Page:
The Orlando Sentinel—either because they’ve run out of actual news to report, or because we’re a city of Ho Hos-eating fatasses who believe chatting with Our Imaginary Friend burns calories and you’ve got to give the people what they want, or both—ran this story on its front page this morning: “Prayer helped Lasheka Mack lose 88 pounds.” (The print headline was “Faith helped woman shed pounds.”)
Prayer—not eating a salad or ambling around the neighborhood once in awhile. Prayer did it. On the front page, alongside such stories of import as “New prince meets world” and an ad for the Transformers 3D ride.
Our Paper of Record is doing nothing to dispel the notion that Orlando is chockablock with rubes.
For those who hit the paywall, here’s the lead:
The road to weight loss usually starts with a wake-up call.
For Lasheka Mack, the moment came as a thunderbolt from the pulpit. Seven years ago while sitting in church, she heard a sermon that did what no weight-loss program had done before. The message inspired her to lose the extra 80-plus pounds she had carried around most of her life.
The Orlando resident's experience confirms what studies show: Religion can be a powerful weight-loss tool.
Two quick thoughts: 1) The lead says “studies” prove that religion causes weight loss. The story mentions only one study, this one, which is tailored to a very specific segment of the population (black women), and says:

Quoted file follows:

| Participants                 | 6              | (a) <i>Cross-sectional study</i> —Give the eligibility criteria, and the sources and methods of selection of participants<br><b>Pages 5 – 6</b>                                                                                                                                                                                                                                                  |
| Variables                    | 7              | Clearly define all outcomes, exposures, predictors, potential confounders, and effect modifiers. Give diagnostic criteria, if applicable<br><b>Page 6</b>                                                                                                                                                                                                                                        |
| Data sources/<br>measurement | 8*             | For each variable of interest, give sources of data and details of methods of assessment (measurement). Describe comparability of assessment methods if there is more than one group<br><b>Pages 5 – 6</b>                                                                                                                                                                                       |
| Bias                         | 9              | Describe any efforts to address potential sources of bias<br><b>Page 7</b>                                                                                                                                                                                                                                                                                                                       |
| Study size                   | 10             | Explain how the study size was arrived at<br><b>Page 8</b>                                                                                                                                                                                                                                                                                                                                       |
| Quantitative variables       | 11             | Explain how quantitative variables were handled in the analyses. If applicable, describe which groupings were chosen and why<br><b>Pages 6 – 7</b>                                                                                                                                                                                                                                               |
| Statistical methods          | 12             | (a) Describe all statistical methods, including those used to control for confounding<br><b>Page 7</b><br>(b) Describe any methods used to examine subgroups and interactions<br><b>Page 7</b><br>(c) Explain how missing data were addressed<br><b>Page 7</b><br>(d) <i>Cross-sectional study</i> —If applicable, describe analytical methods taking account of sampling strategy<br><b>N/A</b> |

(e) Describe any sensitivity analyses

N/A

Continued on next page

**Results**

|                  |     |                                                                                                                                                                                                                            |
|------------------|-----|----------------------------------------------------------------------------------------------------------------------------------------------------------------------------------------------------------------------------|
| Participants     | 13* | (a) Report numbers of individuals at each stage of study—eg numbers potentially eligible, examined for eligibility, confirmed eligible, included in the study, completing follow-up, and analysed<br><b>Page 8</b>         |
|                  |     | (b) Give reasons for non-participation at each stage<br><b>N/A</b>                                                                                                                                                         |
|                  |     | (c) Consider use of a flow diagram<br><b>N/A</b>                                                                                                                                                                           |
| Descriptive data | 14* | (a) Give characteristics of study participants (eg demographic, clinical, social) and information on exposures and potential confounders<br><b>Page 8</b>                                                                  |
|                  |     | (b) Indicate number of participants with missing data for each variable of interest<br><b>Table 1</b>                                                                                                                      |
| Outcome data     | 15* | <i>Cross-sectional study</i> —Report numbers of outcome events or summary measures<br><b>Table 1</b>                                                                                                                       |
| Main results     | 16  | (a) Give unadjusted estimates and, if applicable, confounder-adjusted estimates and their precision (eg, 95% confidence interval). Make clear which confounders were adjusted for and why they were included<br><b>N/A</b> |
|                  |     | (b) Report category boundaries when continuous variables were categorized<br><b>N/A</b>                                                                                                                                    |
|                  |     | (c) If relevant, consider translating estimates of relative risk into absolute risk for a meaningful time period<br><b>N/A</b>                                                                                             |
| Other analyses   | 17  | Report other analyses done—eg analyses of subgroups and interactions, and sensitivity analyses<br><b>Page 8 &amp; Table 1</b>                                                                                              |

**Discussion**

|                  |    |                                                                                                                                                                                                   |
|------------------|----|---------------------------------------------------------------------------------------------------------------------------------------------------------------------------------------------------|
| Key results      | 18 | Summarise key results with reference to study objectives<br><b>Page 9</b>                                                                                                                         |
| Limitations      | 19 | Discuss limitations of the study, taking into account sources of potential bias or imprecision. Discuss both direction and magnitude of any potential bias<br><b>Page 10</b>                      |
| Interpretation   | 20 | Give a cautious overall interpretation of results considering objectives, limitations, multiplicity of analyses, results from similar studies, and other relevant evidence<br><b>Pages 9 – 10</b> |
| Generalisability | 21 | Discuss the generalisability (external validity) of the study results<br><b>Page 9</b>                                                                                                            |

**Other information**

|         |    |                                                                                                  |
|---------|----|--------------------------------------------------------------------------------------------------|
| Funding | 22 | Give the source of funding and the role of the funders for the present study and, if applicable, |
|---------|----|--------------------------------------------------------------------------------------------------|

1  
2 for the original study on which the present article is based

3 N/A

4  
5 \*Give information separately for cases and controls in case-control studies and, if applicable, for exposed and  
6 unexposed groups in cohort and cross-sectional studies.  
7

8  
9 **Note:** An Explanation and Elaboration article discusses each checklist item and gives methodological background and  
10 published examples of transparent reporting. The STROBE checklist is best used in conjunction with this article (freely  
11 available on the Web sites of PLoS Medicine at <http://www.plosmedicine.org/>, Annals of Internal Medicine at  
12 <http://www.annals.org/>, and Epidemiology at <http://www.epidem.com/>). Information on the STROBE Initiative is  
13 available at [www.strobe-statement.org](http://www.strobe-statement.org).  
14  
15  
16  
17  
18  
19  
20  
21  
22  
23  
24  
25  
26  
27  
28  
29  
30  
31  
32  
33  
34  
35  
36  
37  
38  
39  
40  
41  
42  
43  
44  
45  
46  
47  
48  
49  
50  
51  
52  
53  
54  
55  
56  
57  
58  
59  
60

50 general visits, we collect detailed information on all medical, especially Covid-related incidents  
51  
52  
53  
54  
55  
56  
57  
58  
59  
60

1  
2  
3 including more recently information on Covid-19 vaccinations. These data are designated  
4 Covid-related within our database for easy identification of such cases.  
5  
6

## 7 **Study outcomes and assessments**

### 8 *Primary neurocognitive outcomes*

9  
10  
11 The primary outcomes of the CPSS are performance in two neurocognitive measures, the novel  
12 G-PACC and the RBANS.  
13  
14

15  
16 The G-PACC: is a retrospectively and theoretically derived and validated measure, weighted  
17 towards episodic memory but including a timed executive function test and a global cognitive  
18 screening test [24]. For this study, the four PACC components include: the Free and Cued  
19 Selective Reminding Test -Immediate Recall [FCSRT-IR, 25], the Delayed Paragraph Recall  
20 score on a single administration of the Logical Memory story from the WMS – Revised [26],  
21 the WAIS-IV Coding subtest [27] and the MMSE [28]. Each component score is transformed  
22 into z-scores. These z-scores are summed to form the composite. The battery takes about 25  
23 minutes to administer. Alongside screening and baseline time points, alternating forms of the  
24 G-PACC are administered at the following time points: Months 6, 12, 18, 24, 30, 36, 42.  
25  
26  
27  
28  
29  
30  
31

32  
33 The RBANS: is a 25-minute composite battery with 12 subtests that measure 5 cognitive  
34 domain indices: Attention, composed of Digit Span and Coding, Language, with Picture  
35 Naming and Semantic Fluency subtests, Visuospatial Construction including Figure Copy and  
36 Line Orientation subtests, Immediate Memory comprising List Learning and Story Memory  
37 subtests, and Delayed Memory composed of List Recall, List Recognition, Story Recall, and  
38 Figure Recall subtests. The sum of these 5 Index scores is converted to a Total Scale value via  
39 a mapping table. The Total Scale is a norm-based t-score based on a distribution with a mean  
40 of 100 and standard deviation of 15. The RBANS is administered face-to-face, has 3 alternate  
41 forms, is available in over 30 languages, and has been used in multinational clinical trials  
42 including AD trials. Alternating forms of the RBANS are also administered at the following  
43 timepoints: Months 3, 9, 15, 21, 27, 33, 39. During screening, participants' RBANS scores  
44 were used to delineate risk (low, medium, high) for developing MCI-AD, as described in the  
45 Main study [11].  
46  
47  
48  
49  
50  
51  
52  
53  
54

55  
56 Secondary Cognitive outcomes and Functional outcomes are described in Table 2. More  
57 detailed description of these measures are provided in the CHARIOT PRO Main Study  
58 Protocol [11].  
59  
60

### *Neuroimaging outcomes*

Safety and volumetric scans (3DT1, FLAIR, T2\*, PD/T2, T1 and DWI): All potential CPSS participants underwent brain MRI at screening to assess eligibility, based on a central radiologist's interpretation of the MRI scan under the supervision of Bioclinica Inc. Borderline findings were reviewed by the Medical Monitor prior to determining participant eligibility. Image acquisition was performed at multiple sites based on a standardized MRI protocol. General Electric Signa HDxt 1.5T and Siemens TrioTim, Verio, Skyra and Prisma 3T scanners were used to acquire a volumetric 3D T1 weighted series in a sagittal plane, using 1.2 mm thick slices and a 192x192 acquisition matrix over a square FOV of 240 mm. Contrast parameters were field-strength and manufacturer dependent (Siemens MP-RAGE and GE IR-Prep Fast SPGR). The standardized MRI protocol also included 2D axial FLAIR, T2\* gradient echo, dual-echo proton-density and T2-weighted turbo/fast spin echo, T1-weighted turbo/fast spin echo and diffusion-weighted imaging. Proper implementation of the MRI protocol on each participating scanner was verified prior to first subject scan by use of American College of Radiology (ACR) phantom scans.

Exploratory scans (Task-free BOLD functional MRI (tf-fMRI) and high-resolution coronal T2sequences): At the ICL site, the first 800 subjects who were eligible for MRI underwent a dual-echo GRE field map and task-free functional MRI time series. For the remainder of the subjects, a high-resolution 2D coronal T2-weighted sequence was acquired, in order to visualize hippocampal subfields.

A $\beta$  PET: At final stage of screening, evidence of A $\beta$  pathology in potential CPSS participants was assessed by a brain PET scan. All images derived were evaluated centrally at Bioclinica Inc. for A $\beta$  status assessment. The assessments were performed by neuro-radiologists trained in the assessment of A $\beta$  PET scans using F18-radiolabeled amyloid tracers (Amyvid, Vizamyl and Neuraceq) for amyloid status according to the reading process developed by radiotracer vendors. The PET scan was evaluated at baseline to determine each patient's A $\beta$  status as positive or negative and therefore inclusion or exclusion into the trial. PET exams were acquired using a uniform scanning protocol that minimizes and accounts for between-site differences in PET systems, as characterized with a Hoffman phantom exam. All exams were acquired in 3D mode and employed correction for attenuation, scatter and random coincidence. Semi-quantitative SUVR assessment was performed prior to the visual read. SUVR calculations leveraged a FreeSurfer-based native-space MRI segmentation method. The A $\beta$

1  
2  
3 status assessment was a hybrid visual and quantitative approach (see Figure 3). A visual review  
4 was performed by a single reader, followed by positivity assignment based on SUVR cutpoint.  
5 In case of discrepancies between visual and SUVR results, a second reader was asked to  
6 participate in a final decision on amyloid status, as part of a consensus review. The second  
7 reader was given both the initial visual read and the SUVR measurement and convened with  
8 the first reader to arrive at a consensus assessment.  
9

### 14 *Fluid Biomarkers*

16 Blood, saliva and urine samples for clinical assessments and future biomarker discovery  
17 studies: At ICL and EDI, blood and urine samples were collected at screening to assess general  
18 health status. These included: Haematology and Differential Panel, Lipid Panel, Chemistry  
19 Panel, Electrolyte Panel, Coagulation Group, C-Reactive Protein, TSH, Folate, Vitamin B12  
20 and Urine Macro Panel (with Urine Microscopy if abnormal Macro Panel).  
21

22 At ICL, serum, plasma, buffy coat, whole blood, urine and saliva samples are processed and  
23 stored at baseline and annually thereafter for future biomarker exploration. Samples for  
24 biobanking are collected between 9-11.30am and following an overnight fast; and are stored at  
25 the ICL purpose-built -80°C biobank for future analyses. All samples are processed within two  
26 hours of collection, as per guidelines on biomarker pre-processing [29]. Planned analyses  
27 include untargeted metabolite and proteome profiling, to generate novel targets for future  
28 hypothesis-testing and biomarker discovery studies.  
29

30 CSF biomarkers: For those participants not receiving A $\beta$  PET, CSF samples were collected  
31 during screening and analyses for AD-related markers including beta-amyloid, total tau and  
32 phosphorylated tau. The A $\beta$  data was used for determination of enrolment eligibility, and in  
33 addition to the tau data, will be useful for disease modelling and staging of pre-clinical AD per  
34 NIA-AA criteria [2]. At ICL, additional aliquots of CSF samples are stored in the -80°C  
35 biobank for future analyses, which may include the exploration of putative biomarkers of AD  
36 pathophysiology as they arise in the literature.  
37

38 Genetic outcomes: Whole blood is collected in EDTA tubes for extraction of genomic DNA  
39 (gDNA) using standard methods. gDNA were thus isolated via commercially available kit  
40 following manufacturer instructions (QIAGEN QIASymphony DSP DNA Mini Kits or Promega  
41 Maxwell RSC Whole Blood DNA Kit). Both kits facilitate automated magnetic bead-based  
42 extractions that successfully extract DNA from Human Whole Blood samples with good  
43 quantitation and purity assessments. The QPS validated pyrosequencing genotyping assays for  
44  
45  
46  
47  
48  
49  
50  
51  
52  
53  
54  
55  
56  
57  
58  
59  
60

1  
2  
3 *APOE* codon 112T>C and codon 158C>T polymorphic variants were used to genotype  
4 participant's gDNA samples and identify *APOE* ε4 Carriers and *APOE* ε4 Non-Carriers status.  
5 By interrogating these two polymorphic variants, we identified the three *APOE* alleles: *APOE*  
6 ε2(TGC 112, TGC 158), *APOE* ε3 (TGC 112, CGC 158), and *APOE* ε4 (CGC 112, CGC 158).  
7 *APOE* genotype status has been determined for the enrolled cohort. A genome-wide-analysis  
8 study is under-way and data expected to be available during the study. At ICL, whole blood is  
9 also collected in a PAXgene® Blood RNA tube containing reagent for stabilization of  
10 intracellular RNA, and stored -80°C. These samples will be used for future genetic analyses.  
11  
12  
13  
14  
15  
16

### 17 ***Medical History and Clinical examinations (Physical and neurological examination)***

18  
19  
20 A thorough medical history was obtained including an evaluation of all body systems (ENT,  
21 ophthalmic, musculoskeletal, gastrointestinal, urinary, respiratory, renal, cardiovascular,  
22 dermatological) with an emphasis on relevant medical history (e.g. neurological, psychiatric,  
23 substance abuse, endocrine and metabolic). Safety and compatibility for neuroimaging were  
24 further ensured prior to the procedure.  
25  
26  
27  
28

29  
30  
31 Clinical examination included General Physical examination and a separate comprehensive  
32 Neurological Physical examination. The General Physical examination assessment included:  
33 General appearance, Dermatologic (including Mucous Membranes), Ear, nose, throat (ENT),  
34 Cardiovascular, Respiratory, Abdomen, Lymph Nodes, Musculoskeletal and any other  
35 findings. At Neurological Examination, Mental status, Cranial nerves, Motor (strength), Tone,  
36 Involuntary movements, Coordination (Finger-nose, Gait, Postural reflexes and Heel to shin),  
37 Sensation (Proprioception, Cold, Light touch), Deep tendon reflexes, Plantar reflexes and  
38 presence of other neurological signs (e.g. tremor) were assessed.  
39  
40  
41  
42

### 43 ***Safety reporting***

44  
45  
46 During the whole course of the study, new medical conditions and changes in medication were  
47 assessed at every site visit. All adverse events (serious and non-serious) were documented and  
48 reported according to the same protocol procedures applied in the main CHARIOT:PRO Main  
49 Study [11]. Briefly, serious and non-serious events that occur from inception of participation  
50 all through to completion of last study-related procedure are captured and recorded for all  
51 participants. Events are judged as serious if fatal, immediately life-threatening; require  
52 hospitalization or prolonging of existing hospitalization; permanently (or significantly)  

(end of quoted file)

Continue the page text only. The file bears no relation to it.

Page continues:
Studies suggest that religion/spirituality is a prominent component of black culture. Given this, the inclusion of religion/spirituality as an active component of a weight loss program may enhance the benefits of the program. The role of religion/spirituality, however, has not been specifically tested as a mechanism that enhances the weight loss process.
Although the results were not statistically significant, the effect size suggests that the addition of the faith component improved results. These promising preliminary results will need to be tested in an adequately powered trial.
Allow me to translate: The slightly improved weight loss these black women saw, which may not actually mean anything because this experiment had a small sample size, has nothing to do with the Almighty and everything to do with culture.
2) If you actually read the story, you learn—as you probably suspect if you are not brain dead—that Lakesha actually lost weight because of diet and exercise. Lakesha cut out fried and processed foods and red meat. She went to the gym. She drank nothing but water. These are all very good things, and if you do them you will probably lose weight, whether you’re Christian or Jew or Muslim or Hindu or Buddhist or Zoroastrian or Pastafarian (ramen). Maybe—just spitballing here—even if you’re an atheist.
Lasheka’s weight loss is impressive, and she should be proud of it. If she found motivation in religion, good for her. Whatever works. But let’s not pretend that the Lord did it. And our newspaper shouldn’t be pretending that he did.
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